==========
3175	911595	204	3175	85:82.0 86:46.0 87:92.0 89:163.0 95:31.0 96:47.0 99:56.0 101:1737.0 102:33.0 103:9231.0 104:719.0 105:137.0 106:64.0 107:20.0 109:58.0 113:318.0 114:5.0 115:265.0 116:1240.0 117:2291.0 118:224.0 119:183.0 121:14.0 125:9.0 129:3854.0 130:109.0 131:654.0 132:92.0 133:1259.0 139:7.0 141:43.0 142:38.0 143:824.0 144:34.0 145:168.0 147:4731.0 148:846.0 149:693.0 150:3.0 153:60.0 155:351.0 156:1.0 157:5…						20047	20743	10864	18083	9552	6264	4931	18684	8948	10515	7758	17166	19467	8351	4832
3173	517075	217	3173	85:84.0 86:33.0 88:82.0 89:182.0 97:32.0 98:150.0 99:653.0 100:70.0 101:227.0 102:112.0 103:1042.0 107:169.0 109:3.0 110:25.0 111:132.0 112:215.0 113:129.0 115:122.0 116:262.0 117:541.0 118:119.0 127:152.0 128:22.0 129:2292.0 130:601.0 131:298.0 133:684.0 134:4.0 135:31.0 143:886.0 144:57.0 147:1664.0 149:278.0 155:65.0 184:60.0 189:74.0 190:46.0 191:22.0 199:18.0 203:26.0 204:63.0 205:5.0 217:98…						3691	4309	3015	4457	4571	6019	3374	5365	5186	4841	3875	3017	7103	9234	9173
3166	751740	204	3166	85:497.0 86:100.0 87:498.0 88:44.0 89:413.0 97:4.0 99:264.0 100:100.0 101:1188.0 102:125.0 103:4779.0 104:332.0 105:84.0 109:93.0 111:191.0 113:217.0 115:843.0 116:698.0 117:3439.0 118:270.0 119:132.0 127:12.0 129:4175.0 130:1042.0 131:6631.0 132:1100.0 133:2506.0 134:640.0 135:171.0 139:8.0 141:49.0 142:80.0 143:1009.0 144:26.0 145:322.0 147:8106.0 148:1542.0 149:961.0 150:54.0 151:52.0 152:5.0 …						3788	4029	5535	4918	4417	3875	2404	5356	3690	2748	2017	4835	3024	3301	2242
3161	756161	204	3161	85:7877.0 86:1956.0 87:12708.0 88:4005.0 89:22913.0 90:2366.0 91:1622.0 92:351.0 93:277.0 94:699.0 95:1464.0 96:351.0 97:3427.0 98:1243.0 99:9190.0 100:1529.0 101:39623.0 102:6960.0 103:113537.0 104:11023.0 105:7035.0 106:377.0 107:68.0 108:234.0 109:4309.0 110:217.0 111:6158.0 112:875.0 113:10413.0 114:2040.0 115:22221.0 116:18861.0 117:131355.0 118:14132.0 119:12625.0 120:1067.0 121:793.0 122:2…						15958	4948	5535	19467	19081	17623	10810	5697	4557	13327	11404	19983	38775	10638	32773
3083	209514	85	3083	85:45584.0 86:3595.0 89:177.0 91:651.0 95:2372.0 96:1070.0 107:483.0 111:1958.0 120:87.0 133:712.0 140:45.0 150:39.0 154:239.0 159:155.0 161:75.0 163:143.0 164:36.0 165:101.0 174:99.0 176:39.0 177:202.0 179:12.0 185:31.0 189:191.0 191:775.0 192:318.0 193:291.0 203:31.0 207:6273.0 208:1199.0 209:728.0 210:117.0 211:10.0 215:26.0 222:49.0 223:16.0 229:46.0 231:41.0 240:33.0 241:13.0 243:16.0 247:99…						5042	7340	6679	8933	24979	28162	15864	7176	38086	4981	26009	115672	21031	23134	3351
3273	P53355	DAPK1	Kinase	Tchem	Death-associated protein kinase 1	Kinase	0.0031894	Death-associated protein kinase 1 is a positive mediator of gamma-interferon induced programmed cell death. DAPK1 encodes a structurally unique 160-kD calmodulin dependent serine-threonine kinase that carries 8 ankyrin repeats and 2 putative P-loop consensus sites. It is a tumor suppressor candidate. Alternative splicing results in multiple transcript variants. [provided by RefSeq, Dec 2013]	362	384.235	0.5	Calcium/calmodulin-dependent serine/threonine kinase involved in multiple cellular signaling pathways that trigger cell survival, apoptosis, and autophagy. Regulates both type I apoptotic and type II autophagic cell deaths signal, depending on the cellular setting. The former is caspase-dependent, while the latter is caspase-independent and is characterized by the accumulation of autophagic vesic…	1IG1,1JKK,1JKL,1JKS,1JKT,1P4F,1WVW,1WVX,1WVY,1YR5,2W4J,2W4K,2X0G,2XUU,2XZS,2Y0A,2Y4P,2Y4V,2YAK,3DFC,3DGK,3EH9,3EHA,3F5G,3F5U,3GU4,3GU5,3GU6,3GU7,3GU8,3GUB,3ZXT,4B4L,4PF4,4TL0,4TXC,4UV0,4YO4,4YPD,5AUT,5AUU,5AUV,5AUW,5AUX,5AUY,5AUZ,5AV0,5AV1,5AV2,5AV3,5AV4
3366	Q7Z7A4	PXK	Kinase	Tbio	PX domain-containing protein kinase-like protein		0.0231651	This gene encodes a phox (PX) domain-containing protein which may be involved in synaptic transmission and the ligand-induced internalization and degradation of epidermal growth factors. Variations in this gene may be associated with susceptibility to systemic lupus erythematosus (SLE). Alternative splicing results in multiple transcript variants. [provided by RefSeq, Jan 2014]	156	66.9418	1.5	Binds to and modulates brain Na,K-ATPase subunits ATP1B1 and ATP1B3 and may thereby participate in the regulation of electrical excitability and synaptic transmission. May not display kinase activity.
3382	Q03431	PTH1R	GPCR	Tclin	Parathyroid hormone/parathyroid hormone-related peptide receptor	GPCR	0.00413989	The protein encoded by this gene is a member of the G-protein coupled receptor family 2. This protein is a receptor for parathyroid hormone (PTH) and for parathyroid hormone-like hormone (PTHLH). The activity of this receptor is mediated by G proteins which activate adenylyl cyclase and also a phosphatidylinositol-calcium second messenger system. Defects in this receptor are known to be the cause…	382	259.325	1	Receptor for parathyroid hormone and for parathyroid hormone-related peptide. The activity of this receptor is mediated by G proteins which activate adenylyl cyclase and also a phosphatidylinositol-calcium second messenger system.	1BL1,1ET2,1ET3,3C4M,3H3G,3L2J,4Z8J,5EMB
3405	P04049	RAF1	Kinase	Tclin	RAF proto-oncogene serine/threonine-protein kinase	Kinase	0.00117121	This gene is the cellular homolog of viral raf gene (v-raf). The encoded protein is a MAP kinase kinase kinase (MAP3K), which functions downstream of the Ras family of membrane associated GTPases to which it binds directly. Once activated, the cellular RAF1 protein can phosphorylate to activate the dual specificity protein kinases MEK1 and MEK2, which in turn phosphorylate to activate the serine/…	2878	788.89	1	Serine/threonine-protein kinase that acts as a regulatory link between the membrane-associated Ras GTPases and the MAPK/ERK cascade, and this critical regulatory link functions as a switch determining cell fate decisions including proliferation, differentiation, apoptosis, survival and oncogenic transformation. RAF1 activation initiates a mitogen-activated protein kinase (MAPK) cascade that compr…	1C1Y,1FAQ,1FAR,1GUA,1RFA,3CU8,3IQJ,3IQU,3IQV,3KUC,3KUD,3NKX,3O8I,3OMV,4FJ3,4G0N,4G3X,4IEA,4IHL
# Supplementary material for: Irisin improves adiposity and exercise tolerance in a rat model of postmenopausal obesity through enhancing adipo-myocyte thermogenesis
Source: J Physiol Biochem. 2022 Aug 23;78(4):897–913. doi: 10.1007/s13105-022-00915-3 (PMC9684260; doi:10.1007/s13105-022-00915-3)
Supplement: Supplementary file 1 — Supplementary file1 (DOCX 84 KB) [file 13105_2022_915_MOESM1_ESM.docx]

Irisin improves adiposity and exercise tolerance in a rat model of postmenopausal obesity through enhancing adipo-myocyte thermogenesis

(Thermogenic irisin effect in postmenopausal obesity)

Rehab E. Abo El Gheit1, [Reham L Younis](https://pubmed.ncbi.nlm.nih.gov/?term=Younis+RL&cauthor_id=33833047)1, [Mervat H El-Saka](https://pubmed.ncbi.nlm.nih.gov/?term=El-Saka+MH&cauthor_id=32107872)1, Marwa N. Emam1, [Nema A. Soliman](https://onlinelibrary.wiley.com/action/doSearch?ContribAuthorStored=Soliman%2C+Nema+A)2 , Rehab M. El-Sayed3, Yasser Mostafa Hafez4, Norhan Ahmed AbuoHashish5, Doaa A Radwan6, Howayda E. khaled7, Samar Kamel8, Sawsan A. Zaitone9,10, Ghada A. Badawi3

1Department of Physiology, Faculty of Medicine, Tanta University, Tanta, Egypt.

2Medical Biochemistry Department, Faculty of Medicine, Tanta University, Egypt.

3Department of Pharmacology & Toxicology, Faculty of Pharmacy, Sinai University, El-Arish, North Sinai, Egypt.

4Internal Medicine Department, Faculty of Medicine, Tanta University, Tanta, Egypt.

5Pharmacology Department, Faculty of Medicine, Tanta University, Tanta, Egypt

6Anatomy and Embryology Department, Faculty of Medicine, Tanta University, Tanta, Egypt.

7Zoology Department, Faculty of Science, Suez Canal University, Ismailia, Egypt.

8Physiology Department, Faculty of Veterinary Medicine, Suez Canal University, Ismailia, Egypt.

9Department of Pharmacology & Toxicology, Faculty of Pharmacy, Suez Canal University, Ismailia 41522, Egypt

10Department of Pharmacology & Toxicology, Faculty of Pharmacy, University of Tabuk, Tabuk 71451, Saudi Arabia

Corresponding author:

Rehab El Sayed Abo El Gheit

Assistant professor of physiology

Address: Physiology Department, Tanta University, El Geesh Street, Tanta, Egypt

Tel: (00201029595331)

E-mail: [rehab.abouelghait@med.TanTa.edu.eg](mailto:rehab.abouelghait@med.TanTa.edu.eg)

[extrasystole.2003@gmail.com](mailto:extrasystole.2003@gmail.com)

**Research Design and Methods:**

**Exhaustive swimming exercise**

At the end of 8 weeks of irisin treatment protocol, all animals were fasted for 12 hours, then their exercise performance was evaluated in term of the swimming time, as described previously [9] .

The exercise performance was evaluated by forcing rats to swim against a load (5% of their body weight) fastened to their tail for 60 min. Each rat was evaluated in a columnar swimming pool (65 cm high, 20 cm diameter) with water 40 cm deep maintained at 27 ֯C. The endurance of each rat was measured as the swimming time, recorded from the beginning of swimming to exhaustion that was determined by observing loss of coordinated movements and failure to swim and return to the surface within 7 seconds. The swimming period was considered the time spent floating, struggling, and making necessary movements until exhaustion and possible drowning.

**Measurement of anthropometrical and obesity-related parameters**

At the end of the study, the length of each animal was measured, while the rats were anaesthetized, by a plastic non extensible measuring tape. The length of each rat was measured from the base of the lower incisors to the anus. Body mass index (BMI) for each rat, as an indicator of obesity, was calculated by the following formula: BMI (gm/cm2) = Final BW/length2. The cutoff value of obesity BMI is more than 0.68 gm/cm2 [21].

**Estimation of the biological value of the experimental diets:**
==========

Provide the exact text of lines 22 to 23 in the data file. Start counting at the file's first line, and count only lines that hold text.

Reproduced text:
7Zoology Department, Faculty of Science, Suez Canal University, Ismailia, Egypt.

8Physiology Department, Faculty of Veterinary Medicine, Suez Canal University, Ismailia, Egypt.